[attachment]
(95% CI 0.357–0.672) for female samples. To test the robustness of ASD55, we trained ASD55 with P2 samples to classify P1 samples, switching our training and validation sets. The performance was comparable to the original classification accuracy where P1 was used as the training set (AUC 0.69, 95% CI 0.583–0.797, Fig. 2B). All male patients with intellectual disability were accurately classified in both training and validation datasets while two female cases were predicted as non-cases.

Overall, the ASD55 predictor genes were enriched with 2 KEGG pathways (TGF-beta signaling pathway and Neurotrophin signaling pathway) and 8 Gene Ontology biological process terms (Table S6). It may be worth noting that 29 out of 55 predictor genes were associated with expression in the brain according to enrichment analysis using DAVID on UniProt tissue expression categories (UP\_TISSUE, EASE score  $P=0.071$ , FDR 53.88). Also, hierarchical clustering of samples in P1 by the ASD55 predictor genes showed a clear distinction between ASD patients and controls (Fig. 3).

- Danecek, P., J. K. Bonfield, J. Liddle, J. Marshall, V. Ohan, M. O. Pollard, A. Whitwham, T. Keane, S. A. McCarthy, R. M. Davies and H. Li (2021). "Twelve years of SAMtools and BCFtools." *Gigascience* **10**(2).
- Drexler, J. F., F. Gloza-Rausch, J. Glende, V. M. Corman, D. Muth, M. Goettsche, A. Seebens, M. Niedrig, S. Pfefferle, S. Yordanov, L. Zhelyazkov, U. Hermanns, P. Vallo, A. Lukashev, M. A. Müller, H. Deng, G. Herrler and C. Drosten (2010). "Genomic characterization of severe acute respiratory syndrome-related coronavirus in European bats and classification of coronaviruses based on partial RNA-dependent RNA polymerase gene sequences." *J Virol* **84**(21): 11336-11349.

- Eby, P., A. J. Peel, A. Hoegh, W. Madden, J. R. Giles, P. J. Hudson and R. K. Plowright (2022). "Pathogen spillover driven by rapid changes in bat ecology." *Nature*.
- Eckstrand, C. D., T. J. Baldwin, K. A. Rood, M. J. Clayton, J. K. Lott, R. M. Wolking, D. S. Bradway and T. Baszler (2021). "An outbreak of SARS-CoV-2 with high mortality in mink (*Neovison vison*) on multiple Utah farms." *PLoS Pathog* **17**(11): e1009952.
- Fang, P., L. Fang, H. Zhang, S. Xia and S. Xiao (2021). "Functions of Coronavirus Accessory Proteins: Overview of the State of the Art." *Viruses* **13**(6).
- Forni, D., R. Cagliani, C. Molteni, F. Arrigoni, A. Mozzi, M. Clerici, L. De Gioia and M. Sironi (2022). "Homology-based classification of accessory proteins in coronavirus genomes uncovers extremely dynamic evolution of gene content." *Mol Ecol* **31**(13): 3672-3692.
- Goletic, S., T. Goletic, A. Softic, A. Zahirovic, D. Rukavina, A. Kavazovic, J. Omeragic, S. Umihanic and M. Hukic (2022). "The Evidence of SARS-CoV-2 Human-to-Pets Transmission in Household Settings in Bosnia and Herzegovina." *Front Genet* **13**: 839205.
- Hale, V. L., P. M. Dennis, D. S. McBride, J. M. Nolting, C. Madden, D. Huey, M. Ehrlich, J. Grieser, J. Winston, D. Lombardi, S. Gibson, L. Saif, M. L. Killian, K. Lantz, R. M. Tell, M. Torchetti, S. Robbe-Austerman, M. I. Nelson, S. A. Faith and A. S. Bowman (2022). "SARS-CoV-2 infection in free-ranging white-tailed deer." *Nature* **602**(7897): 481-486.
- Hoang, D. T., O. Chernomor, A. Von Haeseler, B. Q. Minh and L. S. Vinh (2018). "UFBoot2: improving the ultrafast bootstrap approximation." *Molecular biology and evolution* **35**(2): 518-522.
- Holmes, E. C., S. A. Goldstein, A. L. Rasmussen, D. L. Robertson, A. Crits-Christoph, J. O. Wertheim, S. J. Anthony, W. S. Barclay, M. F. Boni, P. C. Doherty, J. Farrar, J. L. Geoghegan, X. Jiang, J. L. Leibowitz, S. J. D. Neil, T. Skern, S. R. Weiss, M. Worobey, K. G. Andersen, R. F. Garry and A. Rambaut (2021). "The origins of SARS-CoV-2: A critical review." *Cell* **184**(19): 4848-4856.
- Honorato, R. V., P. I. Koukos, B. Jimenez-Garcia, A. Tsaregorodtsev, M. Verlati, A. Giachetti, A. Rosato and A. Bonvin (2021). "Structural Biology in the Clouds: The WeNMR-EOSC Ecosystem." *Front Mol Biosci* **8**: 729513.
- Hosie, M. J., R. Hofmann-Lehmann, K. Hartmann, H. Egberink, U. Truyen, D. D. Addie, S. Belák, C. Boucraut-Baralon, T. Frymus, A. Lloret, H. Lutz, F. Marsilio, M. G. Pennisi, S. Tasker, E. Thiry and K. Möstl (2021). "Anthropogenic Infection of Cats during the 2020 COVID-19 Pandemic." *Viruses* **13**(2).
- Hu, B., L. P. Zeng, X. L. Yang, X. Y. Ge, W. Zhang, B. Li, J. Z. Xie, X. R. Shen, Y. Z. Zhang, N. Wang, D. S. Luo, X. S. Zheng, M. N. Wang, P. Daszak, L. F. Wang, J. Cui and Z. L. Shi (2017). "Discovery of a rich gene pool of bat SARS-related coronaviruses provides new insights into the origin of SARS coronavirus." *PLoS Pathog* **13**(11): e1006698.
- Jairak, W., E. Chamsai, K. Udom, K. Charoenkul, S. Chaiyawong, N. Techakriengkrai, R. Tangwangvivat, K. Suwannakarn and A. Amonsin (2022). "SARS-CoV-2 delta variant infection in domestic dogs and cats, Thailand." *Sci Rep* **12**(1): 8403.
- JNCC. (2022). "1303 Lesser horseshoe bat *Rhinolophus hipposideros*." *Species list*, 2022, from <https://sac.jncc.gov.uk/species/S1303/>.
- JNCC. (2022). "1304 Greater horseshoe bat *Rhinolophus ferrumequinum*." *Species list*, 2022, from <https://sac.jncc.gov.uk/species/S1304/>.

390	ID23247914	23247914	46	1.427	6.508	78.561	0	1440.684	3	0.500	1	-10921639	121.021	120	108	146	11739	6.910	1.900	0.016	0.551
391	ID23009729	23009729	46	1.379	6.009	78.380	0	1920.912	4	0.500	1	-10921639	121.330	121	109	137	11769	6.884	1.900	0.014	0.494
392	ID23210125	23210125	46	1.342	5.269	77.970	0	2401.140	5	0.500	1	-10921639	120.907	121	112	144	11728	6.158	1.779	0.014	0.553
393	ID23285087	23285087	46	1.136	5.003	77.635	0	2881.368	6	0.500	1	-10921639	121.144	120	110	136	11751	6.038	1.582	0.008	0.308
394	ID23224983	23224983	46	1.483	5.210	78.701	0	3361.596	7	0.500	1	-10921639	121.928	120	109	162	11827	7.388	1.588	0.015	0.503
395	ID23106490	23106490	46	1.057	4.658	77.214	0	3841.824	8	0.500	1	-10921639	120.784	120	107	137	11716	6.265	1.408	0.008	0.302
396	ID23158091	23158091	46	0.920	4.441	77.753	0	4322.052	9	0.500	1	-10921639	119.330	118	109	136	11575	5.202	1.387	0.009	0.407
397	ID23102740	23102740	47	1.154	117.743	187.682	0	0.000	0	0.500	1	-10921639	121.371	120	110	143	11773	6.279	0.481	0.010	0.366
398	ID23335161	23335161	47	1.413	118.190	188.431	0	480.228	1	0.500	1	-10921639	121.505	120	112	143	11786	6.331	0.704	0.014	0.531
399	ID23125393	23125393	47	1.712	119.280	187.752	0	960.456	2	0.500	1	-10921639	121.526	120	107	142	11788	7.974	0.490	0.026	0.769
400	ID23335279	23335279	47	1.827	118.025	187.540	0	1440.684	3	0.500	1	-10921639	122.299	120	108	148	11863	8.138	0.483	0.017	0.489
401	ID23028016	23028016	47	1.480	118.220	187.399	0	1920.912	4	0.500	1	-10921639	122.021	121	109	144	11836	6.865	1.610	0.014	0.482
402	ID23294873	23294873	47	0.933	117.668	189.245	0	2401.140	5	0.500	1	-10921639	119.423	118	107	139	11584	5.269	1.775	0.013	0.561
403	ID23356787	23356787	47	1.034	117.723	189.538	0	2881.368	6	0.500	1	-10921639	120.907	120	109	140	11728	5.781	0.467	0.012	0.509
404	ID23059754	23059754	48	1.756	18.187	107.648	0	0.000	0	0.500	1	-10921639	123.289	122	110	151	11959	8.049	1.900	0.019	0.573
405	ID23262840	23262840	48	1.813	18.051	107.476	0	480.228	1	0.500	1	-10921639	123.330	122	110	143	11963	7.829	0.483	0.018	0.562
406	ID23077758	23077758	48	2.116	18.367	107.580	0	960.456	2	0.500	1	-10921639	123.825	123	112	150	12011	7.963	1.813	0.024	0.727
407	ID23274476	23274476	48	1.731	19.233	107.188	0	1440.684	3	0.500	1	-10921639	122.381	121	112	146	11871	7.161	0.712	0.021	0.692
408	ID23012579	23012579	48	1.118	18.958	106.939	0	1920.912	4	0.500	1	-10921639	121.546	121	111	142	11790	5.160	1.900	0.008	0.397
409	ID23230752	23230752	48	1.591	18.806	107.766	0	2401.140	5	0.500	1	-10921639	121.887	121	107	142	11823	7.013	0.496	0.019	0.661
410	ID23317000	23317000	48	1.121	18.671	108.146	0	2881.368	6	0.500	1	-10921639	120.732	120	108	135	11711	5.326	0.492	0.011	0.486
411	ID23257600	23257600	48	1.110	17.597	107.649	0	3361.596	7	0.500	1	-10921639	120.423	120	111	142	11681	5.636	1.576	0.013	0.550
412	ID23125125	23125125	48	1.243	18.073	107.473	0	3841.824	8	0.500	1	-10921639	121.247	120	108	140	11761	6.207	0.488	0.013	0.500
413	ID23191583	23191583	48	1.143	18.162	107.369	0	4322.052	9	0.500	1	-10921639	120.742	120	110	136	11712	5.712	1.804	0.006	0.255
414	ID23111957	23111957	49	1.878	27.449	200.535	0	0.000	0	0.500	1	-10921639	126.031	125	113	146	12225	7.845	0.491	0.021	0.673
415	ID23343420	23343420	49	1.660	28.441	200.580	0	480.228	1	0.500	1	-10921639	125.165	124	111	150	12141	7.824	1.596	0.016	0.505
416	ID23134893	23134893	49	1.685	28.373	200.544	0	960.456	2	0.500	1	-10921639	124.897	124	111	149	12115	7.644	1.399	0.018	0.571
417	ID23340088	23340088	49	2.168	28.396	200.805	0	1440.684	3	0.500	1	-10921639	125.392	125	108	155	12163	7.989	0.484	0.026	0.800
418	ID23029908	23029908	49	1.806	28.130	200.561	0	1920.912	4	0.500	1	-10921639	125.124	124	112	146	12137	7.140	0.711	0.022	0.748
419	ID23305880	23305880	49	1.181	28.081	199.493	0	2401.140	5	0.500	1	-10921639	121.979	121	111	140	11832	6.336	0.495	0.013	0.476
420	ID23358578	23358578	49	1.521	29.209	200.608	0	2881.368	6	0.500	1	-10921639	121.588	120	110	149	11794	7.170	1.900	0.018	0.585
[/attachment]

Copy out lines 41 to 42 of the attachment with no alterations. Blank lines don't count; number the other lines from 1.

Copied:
412	ID23125125	23125125	48	1.243	18.073	107.473	0	3841.824	8	0.500	1	-10921639	121.247	120	108	140	11761	6.207	0.488	0.013	0.500
413	ID23191583	23191583	48	1.143	18.162	107.369	0	4322.052	9	0.500	1	-10921639	120.742	120	110	136	11712	5.712	1.804	0.006	0.255